In granting the renewal mortgage priority in The T.E. Welles, we noted that " [t]he security was the same, the parties were the same, the debt was substantially the same." 289 F.2d at 193. The issue now before us is whether identity of parties is an absolute prerequisite to granting a renewal mortgage the priority of a discharged mortgage for which it has been substituted. In Barnouw, although our analysis proceeded in terms of the three identities discussed in The T.E. Welles, we made clear that a mere formal change in parties that does not affect the substance of the transaction will not necessarily preclude application of the renewal mortgage rule. The renewal mortgage in Barnouw named a new mortgagee. The lien claimant tried to distinguish The T.E. Welles on this ground. We found the distinction unconvincing because the change in mortgagees was a formal one mandated by the statute. In substance, the parties did not change: "The Shipowner as debtor was the same and the creditor was still Wall Street Traders, Inc., [the mortgagee named in the 1958 mortgage]. The only difference was that instead of being the holder of a single promissory note, it now became the named payee in 7 negotiable bonds." 304 F.2d at 722. Moreover, we noted that anyone consulting the record would know that Wall Street Traders remained the creditor because a copy of a typical bond naming Wall Street Traders as payee was attached to the mortgage.6
We have not had occasion since Barnouw to deal with the priority of renewal ship mortgages. In Marine Mart, Inc. v. O/S Miss Darla Dawn, 273 F. Supp. 353 (S.D. Tex. 1967), however, then District Judge, now Circuit Judge Garza considered a case similar to the one presently before us. In Marine Mart, Hudson purchased a vessel in 1964 and gave the seller a purchase money note for $24,800, secured by a mortgage on the vessel. Hudson sold the vessel to Cantu in November of 1965. In February of 1966, a bill of sale was executed in which Cantu expressly assumed Hudson's obligations on the 1964 purchase money note. In March of 1966, Cantu gave the mortgagee a new note secured by a new mortgage on the vessel. In April, the mortgagee recorded a satisfaction which released the 1964 mortgage executed by Hudson. On the same day, the mortgagee also recorded the bill of sale with assumption along with Cantu's new mortgage on the vessel. A maritime lien claimant commenced an in rem action to foreclose. Other lien claimants intervened to assert liens arising on dates from January to April of 1966--prior to the recording of the mortgage from Cantu. The mortgagee also intervened and asserted that the mortgage from Cantu outranked the maritime liens because, although Hudson's mortgage was satisfied on the record, Cantu's mortgage extended its lien under the rule adopted in The T.E. Welles and Barnouw. The lien claimants argued, like the lien claimants in this case, that the renewal mortgage rule could not apply because "the parties involved are not the same in the first and second mortgages." Judge Garza rejected this argument and afforded the mortgage priority over the maritime liens.
There are, of course, at least two aspects of Marine Mart that distinguish it from the facts of this case. Cantu, the new mortgagor, expressly assumed the obligation of Hudson, the original mortgagor, on the note which Hudson's mortgage secured. Moreover, Cantu's mortgage expressly stated that the note it secured was given as an "extension, renewal and rearrangement" of Hudson's note. Cantu's mortgage also specifically referred to Hudson's mortgage and stated that its lien is "expressly renewed, extended and continued to secure the payment of the note secured hereby." Id. at 354-55. Judge Garza's opinion does not deal extensively with the fact that the parties to the two mortgages did not remain the same. Instead, the opinion focuses on the intent of the parties to the Cantu mortgage. Since they clearly did not intend for satisfaction of the Hudson mortgage to discharge its priority, it should not be given that effect. It is of course implicit in the decision that executing the intention of the parties did not prejudice the lien claimants because the vessel was encumbered by the Hudson mortgage when they provided their services.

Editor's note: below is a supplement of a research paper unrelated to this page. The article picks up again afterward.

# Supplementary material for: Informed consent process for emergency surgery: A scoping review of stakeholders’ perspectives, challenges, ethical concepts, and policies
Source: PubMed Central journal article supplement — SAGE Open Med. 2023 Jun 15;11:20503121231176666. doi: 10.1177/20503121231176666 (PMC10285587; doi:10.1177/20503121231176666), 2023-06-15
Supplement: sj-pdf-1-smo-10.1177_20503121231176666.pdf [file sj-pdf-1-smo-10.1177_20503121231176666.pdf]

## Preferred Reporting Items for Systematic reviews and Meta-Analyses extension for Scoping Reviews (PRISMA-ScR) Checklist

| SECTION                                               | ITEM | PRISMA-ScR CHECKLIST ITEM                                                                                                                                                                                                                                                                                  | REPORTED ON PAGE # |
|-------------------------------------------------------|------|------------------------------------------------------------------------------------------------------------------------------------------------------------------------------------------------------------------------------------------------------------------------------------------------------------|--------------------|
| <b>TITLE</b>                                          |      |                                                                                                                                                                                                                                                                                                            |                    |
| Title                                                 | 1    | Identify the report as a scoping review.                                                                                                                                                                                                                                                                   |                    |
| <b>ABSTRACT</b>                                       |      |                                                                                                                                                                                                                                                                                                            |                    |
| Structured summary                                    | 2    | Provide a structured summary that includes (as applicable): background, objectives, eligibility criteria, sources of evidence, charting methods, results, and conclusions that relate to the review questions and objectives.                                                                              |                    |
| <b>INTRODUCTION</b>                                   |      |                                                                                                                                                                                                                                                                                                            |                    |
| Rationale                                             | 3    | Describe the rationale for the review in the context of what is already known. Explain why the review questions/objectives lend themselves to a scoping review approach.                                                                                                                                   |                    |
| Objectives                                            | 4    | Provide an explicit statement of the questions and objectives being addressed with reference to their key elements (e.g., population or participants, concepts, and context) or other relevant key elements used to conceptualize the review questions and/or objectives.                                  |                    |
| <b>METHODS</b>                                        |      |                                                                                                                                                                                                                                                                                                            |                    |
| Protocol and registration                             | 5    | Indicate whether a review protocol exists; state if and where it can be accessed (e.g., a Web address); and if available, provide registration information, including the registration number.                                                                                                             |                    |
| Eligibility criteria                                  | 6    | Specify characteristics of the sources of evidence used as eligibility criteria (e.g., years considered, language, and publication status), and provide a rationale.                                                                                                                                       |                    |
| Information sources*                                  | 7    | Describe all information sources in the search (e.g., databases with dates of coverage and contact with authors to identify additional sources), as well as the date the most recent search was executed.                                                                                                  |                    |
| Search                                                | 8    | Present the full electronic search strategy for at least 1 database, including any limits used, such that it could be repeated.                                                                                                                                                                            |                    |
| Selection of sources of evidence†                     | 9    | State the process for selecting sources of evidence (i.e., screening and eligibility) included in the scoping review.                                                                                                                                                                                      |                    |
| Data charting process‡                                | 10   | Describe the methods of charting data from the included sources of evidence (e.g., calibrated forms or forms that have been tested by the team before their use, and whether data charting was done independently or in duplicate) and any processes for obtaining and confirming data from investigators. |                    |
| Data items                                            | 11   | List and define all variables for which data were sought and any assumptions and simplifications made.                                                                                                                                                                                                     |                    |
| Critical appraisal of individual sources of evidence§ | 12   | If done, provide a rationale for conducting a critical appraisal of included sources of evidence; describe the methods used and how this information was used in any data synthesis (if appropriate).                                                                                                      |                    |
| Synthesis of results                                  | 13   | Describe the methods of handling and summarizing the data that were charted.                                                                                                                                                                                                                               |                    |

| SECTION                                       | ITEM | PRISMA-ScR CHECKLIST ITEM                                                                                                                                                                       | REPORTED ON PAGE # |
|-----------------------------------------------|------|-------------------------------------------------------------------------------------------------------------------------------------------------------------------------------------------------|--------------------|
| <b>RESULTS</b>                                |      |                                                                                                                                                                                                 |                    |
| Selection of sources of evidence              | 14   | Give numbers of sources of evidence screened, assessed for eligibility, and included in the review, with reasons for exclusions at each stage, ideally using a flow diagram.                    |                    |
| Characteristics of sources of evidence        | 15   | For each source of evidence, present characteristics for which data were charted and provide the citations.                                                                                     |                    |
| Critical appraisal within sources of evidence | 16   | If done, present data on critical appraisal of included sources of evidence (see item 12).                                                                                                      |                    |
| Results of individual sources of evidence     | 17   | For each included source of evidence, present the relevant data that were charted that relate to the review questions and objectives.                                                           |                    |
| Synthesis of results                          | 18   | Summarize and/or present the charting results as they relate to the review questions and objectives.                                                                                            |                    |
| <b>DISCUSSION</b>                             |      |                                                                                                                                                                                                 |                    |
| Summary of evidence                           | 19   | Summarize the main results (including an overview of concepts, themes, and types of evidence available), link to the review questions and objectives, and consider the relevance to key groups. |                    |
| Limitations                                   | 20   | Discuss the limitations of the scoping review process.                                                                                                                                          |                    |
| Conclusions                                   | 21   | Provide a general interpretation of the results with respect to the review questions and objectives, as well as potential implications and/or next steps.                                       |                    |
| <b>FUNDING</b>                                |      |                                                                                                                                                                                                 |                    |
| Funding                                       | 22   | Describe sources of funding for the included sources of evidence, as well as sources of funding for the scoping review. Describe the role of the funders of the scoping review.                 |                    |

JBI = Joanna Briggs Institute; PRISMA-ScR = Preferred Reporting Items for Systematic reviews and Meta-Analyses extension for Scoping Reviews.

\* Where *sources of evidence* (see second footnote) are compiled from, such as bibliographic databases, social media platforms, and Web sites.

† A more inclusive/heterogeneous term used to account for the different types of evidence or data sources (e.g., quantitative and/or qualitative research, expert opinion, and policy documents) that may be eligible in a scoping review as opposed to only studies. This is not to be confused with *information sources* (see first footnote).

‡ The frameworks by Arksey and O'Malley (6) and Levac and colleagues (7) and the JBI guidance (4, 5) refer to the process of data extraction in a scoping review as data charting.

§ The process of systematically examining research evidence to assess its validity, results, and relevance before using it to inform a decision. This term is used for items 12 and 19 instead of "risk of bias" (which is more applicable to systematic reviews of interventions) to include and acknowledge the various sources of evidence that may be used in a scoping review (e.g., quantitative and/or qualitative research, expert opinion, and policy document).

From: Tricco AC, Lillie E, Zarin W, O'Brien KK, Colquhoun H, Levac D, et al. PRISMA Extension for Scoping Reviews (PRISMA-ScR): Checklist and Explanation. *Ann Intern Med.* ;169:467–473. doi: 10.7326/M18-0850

Maritime cases discussing the priority of renewal mortgages are not legion.7 As Judge Brown noted in Barnouw and The T.E. Welles, however, the issue is governed by established security principles. Although the parties chose not to look beyond Barnouw and The T.E. Welles themselves, our research has revealed many cases and commentaries from a wide variety of sources that discuss this issue. These authorities indicate that the result in Marine Mart--that a change in mortgagors pursuant to an assumption of indebtedness will not necessarily preclude application of the renewal mortgage rule--fits squarely within the rationale for the rule that we adopted in Barnouw and The T.E. Welles. As Barnouw and The T.E. Welles indicate, the rule is an equitable one designed to accommodate two basic security principles. The first principle is that, when one acquires a lien on property already encumbered by a mortgage, he does so subject to the possibility, because of rearrangements or renewals of the indebtedness, that the lien of the mortgage may be extended beyond the original maturity date or that the terms of the indebtedness may otherwise change. See, e.g., Guleserian v. Fields, 351 Mass. 238, 218 N.E.2d 397, 401-02 (1966) (citing cases for this "universal rule"). In other words, indebtedness may be extended, renewed, or rearranged without necessarily releasing the lien of a mortgage by which it is secured. See Coastal Dry Dock, 1975 A.M.C. at 1754-55. The second principle is that a recorded satisfaction or discharge generally releases a mortgage lien. See 59 C.J.S. Mortgages Sec. 282(a) ("Ordinarily a release or satisfaction of a mortgage or deed of trust on the record inures to the benefit of a junior lienor...."). This usually takes place, of course, in connection with payment of the underlying indebtedness. The renewal mortgage rule operates when the parties intend to avail themselves of the first principle but, at the same time, take action which invokes the second principle. When parties who intend simply to renew or rearrange a debt that has not actually been paid release an existing mortgage and, at the same time, record a new mortgage by which they intend to extend the lien of the prior mortgage, they should be granted relief from the consequences that normally flow from the release or satisfaction of a mortgage if intervening liens and claims are left in no worse a position than they would have occupied if the parties had properly structured the renewal or rearrangement of the debt. See, e.g., Auto Acceptance & Loan Corp. v. Taus, 28 Wis.2d 496, 137 N.W.2d 452 (1965) (on this point, " [t]he authorities in this country are overwhelming"; citing cases). Thus, the rule provides equitable relief from the mistake of recording a satisfaction or discharge of a mortgage to parties who did not intend to release the lien. See, e.g., Copp v. Millen, 11 Cal. 2d 122, 77 P.2d 1093 (1938) (characterizing rule as one providing equitable relief from mistake). The authorities are split on the question whether knowledge of the intervening lien will preclude application of the rule. Compare Copp v. Millen, 77 P.2d at 1093, with Anatole Caron, Inc. v. Manchester Federal Savings & Loan Ass'n, 90 N.H. 560, 10 A.2d 668 (1940).